The Richest Hill on Earth


We thought we would stay a night but stayed three, and didn’t want to leave.

We stayed with Carly and her son Miles. Carly is interesting and funny and relaxed. She even makes being mum look effortless, although maybe she will un-friend me on facebook for saying that. She can’t take back the delicious meatloaf she made on our last night though. Ha!

Miles is really cool and five years old and he basically just wants to have a good time, and so he does.

Butte is gorgeous, although many Buttians seemed to find this a strange way to see their town. Perhaps to them the crumbling old buildings, sagging balconies and squeaking porches make the place feel run down. Or maybe all the old gallus frames perching astride abandoned mine shafts, dismantled hills, and piles of grey rock at the edge of town seem bleak to them.

Not to me though. Butte is a charmer, even if a little lived in. I prefer tables with constellations of burn marks and cup rings, if you see what I mean.

Butte wears its history on its sleeve, and the people are generous, and they tell you what they think. It is about a hundred and fifty years old, which is around nine hundred in European years.

Buttites still very much identify as Irish, for most of the miners were Irish immigrants, and St Patrick’s is legendary there. It is the only place in the States where you are allowed to drink in the street.

It’s greasy spoon cafes are really traditional. They are so nice that I am tempted to eat in them every day until I die.

The following history of Butte was assembled from talks we had with the following characters:

1. A boss-eyed amateur historian and living Butte-a-pedia who runs a shop full of trinkets and homemade t shirts.
2. A guy who came to fix Carly’s cable, who incidentally has a truly brilliant claim to fame: at school he beat up Evil Knievel’s son – the Knievel’s being residents of Butte, and the son being a spoilt bully.
3. A Scottish guy who moved to Butte because his sweetheart is a Butte-er, and together with her is building a house out on the edge of town by the drive-in cinema.

As such it is an oral history not a book history, so don’t come to me with corrections.

Butte was already a profitable mining town from healthy deposits of just about every mineral known when everyone started wanting telephones and lights everywhere, and they desperately needed Butte’s copious supply of electricity-conducting copper.

Butte was a bustling metropolis before any other place out west was really a place. “Butte IS Montana!” claimed the cable guy. “This country was built on the back of Butte” mused the boss-eyed historian.

Today there are around 40,000 people here, but there were 100,000 during the boom.

The miners were not unionised in Butte. To avoid the difficulties of an organised workforce the mining companies paid them $3.30 a day, where elsewhere miners got $1.60.

The town was full of relatively prosperous miners then, and an elite of extraordinarily well off bosses. As a consequence it was the biggest gig for plays and cabaret acts outside of Broadway. Charlie Chaplain came to Butte. He reported his stay very tiring. You had to do three shows a day – one for every shift down in the mines.

When he wasn’t on the stage, being who he was, he kept himself busy in Butte’s famous red light district.

The various mining corporations had a war for control of the town. ‘The war of the copper kings’ involved intimidation, arson, assassination, militias, and many tedious court battles.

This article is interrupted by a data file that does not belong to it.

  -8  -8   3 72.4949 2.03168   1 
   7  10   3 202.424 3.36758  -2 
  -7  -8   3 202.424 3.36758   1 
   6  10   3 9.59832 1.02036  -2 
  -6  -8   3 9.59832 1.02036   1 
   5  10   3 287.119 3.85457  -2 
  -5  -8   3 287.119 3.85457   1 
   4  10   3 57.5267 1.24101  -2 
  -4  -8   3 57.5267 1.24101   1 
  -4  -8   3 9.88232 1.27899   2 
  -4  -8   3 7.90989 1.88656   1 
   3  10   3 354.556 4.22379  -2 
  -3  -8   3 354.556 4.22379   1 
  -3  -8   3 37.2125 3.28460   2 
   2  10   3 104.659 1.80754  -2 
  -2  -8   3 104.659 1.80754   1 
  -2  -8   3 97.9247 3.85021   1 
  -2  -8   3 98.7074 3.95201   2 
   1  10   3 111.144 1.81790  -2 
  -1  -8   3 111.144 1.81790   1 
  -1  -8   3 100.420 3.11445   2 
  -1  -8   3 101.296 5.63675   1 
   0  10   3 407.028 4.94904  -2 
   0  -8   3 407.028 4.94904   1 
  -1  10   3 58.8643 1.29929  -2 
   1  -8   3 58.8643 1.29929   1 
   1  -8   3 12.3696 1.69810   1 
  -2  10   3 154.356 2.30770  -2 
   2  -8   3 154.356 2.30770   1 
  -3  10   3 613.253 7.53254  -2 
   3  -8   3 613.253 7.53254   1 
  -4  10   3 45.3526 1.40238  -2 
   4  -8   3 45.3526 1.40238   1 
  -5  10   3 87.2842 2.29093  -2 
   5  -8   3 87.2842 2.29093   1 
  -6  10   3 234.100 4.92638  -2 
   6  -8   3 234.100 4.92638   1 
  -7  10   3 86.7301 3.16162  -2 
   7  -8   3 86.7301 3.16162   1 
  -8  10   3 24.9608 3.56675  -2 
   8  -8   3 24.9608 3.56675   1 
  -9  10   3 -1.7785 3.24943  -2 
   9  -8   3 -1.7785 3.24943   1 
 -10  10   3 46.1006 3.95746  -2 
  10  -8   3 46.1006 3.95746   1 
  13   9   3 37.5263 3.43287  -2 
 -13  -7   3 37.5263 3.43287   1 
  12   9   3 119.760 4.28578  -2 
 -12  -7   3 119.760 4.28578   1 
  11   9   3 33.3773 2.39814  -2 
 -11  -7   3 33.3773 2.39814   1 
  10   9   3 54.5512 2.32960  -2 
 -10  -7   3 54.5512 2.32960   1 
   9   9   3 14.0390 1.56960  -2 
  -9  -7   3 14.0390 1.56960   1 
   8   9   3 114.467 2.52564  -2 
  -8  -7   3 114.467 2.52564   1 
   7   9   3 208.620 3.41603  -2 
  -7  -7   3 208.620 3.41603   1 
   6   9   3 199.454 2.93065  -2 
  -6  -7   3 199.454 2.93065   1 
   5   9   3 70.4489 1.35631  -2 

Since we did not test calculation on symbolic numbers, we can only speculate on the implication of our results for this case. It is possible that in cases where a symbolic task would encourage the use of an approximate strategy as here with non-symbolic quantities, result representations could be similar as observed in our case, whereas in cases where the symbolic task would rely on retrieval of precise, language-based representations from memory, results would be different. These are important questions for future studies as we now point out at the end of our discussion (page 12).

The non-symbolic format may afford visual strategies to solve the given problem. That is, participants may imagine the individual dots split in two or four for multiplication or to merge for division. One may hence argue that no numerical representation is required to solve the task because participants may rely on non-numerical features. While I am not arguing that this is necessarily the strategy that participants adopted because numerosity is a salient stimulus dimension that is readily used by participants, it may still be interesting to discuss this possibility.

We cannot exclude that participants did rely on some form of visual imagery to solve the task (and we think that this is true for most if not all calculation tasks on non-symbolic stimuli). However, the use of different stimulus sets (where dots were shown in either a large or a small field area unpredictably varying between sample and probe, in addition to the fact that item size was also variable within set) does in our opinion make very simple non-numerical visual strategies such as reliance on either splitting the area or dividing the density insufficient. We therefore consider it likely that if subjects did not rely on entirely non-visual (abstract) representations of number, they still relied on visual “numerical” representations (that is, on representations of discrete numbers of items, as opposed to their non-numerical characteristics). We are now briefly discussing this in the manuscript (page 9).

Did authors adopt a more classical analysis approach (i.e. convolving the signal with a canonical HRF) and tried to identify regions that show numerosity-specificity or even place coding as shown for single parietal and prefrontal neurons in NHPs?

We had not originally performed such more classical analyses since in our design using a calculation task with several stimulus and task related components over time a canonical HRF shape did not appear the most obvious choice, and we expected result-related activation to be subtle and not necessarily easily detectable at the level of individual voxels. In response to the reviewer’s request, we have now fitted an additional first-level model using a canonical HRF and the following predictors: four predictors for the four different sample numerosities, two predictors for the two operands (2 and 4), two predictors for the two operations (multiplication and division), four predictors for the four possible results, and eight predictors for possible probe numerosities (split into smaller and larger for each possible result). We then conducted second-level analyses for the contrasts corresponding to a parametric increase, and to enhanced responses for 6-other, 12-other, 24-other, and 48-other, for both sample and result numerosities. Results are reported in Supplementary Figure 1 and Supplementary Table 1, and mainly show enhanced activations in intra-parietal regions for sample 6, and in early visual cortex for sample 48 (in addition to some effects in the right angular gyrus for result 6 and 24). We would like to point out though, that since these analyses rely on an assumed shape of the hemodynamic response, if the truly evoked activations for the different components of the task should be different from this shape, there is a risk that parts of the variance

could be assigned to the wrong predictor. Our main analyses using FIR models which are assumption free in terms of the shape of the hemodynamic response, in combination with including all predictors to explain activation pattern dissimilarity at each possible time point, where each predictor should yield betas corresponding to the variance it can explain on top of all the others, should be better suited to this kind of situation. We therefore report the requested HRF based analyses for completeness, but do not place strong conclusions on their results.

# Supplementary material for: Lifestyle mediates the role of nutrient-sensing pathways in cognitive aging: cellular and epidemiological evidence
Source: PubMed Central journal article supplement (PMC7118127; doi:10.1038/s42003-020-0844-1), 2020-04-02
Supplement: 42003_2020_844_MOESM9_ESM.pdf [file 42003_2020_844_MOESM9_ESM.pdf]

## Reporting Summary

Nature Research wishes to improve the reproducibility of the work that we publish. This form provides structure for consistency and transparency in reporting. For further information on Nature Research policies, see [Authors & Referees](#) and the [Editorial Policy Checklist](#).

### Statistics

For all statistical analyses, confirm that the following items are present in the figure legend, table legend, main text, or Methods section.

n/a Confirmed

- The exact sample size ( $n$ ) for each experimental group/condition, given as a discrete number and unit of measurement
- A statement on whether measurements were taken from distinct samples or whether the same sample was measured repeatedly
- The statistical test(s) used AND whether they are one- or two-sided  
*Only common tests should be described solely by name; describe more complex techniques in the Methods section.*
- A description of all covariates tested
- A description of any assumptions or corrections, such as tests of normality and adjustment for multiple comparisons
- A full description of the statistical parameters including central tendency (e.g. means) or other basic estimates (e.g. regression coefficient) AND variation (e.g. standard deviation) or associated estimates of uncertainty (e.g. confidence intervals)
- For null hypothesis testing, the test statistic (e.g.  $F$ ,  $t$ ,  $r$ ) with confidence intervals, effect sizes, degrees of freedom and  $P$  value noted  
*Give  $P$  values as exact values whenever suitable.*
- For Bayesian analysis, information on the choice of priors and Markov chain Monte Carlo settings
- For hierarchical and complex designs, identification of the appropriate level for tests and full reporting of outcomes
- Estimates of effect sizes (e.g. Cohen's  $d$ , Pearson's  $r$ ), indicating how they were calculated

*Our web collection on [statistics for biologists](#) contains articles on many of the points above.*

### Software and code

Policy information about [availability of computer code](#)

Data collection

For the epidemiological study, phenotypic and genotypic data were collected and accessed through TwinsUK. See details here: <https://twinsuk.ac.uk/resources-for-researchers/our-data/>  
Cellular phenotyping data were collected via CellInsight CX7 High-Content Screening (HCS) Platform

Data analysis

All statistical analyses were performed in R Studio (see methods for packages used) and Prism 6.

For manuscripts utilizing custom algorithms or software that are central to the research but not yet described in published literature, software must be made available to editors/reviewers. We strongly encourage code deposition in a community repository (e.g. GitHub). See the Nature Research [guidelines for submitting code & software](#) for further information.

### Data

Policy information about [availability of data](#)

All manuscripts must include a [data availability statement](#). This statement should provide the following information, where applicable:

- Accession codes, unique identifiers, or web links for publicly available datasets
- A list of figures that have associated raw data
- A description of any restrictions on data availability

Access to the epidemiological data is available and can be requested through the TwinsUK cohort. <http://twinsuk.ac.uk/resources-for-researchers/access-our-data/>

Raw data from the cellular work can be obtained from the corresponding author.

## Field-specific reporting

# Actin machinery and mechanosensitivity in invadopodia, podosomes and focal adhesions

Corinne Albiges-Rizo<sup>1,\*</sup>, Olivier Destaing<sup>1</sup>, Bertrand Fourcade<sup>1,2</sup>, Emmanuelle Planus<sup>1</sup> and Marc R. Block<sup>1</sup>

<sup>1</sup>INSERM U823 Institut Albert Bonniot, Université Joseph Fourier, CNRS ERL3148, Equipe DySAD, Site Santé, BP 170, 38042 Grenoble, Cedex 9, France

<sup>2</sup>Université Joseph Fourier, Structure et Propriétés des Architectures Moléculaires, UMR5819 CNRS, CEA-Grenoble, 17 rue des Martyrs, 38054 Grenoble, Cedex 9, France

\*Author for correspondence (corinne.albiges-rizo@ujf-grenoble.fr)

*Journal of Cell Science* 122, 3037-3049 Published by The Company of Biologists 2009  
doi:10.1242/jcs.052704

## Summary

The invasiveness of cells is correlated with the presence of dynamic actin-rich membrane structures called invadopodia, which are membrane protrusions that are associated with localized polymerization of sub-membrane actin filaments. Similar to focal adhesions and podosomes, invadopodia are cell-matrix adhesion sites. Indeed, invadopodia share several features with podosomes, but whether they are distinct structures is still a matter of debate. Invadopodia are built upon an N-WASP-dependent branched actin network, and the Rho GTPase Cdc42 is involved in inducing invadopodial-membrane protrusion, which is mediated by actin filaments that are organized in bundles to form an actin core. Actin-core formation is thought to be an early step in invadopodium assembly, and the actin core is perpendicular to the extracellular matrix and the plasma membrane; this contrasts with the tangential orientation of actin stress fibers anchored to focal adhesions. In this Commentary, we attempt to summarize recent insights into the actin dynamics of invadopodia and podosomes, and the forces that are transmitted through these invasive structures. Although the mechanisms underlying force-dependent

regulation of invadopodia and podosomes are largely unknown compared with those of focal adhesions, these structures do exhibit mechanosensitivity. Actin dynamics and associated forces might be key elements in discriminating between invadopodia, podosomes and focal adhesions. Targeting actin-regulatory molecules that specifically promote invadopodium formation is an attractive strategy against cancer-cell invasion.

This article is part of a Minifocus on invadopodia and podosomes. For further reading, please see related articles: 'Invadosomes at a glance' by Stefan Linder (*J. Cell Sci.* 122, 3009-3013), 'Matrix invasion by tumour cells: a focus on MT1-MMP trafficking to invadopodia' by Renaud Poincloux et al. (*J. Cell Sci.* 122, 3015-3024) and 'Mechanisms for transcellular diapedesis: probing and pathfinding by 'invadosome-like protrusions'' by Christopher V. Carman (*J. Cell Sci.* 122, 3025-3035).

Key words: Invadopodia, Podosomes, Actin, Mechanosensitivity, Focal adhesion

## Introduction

Eventually one family won the day, and then Butte was run by a single corporation.

By this time the miners had seen fit to unionise, as had just about everyone else. Even the sex workers were in the union. Apparently there was some debate about where among the Byzantine network of groups and sub-groups to put them, this being a time when prostitution was tolerated, even encouraged, but never spoken of.

In the end the sex workers joined the seamstresses, “after all”, it was said, “they too make alterations”.

The last brothel closed in 1985.

The people won various historic battles with the corporation. Notably, after the discovery of rich deposits directly beneath the town, the saving of Butte itself.

They lost many too of course. One morning Butte awoke to find a beloved union man hanging from the railway bridge by his neck. Pinned to him was a plaque bearing the figures 3,7,7.7; the dimensions of a coffin.

The militia who protected the bosses interests continued using this sinister calling card, and today the number is still found on state Police vehicles, for it was the very same militia who eventually became Montana’s official law enforcers.

The people’s sorest loss in these disputes was perhaps Columbia Gardens. Columbia Gardens was the people’s theme park. Built by one of the early mine owners it had a wonderful wooden rollercoaster and a little zoo.

Happy workers must have their circuses, but the corporation wanted close this one because they had sniffed out some mineral treats underneath it. There was an uproar from Butte at the suggestion. The corporation relented, but then, ‘mysteriously’, the place burnt down.

Now, on the spot where it once stood, there is a great open caste mine, half full with water. Berkeley Pit is the most polluted body of water in the states. It is slowly filling up, and if they cannot clean it by the time it raises enough to get into the water table, Butte will be poisoned.

A recorded message that jumps from a speaker at the viewing platform above the pit assures you this won’t happen.

Let’s hope it is telling the truth because Butte is one of the best places we have come across. We wandered around, learning these things, eating, and looking in strange shops.

Every night I told Miles stories and once he went to bed we got wrapped up in blankets and watched Zombie movies.

It was as good as it sounds.